She told me she was calling because she’d made a resolution to call me more. Touched, I asked her what other resolutions she had made. She told me she was thinking of a couple, but hadn’t made any definite commitments yet.
What a huge, heart-felt gift she gave me. She further surprised me by telling me she thought she’d like to call about every 10 days. I felt like I’d won the lottery!
Fast-forward four years, Alisha did call me more that year. And these days, she calls as much or more than I do! And I still feel so very fortunate to have such a close relationship with her.
Thinking about Alisha back then, inspired me to re-examine how I approach and view my goals and resolutions. I realized that to make our goals and resolutions more compelling, we must link them to the underlying reason for the goals and/or to helping others reach their dreams.
This year, I have a new financial goal in place. I realize that one of the reasons I choose to make more money involves going to California more often so that Alisha and I can spend more time together. Also, if I focus on the transformation that occurs for my clients, I get way more excited about the goal of making more money.
So, for me, I’m keeping my focus on spending more time with Alisha and teaching my clients clarity and confidence around themselves and their businesses. As I anticipate the joy of spending more time with Alisha and I actually sense my clients loving themselves more and expressing more of themselves in their work, I feel super-charged. I forget about my self-consciousness about making more money.
Of course I’ll reach my new financial goals! And, feel happy and fulfilled along the way . . .
Want to play?
How can you link one of your goals or resolutions to something you hold dear or to how achieving your goal could also help others make their dreams come true? Feel free to post your answers n the comment section . . .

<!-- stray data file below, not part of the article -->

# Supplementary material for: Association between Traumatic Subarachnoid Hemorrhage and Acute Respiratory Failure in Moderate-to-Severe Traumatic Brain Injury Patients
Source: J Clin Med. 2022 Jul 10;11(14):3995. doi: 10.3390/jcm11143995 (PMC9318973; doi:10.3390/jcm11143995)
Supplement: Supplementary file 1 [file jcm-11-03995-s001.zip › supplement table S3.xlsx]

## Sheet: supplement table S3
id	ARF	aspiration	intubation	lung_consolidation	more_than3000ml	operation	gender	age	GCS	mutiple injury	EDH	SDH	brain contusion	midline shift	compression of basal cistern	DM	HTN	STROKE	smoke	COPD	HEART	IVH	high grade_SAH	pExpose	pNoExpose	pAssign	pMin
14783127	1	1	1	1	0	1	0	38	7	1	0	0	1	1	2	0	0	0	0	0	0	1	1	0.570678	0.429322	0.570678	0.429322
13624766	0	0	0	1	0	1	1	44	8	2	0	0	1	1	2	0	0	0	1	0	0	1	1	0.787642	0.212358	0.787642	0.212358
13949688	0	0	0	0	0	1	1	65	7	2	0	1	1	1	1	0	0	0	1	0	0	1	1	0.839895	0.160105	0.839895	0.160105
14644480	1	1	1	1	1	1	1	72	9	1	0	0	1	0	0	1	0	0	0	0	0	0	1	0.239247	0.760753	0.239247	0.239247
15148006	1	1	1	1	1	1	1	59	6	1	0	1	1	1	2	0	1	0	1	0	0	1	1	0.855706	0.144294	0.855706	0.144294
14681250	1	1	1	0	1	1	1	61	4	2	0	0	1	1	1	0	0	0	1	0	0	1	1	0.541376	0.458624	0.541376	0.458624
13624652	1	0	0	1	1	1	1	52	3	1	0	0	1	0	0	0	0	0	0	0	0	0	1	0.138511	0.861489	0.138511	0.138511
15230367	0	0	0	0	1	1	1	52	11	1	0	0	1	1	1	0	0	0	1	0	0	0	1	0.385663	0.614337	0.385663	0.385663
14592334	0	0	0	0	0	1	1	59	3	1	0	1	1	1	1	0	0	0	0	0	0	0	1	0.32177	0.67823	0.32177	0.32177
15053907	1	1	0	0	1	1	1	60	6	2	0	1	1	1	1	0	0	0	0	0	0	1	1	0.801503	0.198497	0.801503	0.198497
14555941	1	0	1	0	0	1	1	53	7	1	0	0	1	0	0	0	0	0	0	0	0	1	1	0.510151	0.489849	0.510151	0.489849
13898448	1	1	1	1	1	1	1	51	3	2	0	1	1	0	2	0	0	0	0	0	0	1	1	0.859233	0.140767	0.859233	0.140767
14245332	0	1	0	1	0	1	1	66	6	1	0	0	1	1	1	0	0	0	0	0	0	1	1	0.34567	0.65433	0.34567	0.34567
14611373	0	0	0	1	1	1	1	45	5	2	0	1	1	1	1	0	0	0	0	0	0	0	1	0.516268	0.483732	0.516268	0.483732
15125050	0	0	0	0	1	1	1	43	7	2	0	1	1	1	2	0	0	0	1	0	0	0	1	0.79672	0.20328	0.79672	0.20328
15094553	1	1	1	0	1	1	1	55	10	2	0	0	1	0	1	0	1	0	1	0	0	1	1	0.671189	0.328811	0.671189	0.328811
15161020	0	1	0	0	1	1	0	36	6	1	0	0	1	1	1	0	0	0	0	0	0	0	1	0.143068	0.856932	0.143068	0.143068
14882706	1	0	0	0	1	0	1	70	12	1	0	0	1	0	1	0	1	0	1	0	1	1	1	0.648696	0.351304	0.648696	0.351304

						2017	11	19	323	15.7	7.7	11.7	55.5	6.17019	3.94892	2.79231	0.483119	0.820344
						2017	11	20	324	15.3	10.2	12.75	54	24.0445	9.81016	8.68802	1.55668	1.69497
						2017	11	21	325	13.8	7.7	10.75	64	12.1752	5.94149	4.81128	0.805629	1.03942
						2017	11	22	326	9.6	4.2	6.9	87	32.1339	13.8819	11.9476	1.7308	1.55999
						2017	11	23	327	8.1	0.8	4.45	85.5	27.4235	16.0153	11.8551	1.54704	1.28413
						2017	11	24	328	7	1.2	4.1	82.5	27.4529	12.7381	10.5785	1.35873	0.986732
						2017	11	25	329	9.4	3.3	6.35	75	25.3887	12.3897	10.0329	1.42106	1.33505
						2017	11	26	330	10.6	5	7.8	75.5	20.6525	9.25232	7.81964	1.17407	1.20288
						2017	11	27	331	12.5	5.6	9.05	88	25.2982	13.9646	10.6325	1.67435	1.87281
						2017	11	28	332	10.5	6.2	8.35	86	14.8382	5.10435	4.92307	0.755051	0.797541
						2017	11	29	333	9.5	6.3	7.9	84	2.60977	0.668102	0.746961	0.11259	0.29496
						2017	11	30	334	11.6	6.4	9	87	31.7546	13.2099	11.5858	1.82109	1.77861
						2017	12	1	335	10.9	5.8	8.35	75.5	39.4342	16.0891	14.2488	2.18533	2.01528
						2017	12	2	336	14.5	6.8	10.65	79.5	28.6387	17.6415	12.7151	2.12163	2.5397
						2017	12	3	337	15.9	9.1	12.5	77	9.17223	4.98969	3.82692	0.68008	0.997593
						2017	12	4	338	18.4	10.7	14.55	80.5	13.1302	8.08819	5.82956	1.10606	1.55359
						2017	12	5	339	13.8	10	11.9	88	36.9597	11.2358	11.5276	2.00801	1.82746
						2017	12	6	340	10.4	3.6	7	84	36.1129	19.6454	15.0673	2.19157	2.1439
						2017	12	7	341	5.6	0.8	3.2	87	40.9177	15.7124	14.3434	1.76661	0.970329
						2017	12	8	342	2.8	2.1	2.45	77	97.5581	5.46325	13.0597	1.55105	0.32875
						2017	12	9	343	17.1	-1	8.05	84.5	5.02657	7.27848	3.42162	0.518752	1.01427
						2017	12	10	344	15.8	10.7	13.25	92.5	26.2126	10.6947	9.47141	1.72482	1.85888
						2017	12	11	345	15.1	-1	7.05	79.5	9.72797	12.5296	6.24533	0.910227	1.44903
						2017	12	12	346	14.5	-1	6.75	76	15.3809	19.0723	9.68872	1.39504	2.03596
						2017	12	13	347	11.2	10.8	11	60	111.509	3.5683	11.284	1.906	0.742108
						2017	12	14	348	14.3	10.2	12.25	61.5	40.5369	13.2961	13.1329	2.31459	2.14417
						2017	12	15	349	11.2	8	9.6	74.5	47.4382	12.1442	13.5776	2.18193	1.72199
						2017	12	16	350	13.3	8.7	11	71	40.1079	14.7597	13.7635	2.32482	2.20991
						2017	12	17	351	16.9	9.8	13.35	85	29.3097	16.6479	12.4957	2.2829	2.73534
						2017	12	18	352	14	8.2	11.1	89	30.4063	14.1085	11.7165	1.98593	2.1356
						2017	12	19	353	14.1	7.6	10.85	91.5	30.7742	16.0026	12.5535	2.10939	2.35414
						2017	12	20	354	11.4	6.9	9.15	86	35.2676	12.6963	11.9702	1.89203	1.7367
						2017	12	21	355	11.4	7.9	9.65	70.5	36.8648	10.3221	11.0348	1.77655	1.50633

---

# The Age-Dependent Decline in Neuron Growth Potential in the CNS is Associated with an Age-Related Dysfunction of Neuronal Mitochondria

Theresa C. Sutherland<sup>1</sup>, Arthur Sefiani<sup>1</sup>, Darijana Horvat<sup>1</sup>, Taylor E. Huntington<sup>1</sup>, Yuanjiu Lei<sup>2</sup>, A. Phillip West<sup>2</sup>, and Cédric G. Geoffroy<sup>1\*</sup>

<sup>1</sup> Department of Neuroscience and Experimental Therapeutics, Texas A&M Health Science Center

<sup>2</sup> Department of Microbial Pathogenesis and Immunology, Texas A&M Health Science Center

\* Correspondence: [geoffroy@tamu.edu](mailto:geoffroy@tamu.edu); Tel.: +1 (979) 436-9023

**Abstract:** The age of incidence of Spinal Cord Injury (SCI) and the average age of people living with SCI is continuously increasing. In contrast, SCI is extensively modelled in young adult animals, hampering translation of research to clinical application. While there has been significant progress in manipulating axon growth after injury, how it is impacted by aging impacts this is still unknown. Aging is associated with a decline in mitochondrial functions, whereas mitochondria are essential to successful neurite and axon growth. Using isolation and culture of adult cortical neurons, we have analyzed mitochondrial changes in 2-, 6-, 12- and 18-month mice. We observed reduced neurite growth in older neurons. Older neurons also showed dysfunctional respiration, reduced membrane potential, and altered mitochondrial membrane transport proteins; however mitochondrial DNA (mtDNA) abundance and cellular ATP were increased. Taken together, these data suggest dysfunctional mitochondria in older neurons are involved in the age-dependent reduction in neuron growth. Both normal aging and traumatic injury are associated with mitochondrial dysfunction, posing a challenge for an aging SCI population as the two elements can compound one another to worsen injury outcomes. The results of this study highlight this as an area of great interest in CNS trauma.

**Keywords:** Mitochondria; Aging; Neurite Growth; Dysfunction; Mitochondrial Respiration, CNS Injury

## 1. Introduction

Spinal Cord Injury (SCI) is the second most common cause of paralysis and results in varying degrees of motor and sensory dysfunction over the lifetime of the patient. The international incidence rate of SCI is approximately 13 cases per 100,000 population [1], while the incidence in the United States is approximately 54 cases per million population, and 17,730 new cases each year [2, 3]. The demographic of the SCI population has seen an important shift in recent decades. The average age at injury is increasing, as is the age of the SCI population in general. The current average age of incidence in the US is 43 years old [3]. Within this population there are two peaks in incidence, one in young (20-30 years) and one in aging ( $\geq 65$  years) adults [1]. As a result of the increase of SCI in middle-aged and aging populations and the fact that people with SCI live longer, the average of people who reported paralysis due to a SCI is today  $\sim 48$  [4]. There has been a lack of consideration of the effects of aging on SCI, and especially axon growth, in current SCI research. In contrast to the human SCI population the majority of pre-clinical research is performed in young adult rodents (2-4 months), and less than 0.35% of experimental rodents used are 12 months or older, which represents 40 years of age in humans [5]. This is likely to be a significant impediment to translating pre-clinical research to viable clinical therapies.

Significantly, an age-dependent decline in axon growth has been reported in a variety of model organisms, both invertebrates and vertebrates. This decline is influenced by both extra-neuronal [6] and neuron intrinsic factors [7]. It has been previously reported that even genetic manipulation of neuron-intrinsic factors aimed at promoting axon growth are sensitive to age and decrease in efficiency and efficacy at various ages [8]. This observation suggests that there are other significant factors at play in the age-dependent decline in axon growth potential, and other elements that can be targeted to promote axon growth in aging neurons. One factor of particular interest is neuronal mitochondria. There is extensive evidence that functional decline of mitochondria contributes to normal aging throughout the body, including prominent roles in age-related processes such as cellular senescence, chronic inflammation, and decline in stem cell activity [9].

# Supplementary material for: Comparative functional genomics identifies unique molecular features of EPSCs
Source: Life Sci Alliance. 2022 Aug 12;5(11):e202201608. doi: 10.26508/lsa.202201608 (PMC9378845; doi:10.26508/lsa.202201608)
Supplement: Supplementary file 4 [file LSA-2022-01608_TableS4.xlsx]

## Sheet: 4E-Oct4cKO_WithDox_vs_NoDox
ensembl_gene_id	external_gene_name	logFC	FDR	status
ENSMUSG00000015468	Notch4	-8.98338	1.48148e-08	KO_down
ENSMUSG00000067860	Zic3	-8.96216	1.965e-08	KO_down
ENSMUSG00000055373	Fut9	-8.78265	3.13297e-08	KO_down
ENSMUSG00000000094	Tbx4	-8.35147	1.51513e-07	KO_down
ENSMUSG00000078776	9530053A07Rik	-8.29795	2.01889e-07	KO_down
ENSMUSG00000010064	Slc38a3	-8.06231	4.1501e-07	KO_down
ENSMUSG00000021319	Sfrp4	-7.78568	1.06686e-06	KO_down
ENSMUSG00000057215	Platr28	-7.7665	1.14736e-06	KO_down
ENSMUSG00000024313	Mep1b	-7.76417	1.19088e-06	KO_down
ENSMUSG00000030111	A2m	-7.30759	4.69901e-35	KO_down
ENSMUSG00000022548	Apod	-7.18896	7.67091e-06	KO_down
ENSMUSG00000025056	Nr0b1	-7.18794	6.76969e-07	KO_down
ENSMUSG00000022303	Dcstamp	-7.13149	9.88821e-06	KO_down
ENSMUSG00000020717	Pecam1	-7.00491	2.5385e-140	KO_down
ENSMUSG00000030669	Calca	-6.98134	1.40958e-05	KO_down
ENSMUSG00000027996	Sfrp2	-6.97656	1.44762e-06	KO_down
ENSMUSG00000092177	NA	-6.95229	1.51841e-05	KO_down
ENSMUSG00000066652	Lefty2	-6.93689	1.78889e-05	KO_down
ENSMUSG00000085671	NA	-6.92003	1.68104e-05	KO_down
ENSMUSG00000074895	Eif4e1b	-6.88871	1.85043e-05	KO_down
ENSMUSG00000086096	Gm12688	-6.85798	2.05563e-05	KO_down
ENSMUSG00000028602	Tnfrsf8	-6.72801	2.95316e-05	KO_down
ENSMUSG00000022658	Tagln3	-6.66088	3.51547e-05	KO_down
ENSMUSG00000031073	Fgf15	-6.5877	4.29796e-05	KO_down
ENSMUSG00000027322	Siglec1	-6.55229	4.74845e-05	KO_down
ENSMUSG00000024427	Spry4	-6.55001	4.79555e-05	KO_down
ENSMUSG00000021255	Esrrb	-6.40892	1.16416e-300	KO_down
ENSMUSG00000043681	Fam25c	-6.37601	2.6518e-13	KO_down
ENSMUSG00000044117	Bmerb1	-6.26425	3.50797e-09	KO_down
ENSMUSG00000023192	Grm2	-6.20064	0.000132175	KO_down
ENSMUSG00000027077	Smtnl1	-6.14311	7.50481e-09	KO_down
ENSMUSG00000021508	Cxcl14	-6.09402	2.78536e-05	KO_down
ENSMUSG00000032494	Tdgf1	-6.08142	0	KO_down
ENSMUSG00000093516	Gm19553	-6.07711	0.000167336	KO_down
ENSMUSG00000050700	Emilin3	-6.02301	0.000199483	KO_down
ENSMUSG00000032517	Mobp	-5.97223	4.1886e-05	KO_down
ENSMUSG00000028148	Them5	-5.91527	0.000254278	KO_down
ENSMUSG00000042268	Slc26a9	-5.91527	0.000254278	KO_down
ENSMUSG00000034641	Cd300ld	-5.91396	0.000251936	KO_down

Everything you desire, awaits you. Just beyond your comfort zone.
To bring your 2010 dreams into reality, you will have to step out of your comfort zone. Okay, take a deep breath. You can do it. Especially when you think about the price of not moving forward. Would you rather feel some discomfort, or live without those new clients, that passive revenue, your book out in the world, the wonderful man or more radiant health?
If you’re willing to commit in 2010 to becoming comfortable with discomfort, you can have everything you desire. Would you like to start now?
I’ve already made that commitment to myself. And here’s how I’m practicing getting comfortable with the discomfort that change brings: every day I’m setting a clear intention to do something outside of my comfort zone.
Some of my stretches:
- Asking someone for help.
- Trying a new food.
- Pushing myself beyond where I’ve been in my yoga practice.
- Introducing myself to someone new.
- Dreaming bigger.
- Learning a new technical skill.
To begin, make yourself a list of 20 possible things to do that stretch you. What goes beyond my comfort zone may be easy-peasy for you. Then, each day, pick something off your list, take a deep breath and begin to become friends with the unknown – the place where all dreams begin!
Hey, maybe for today’s stretch, would you like to share with us and post your list here on the blog?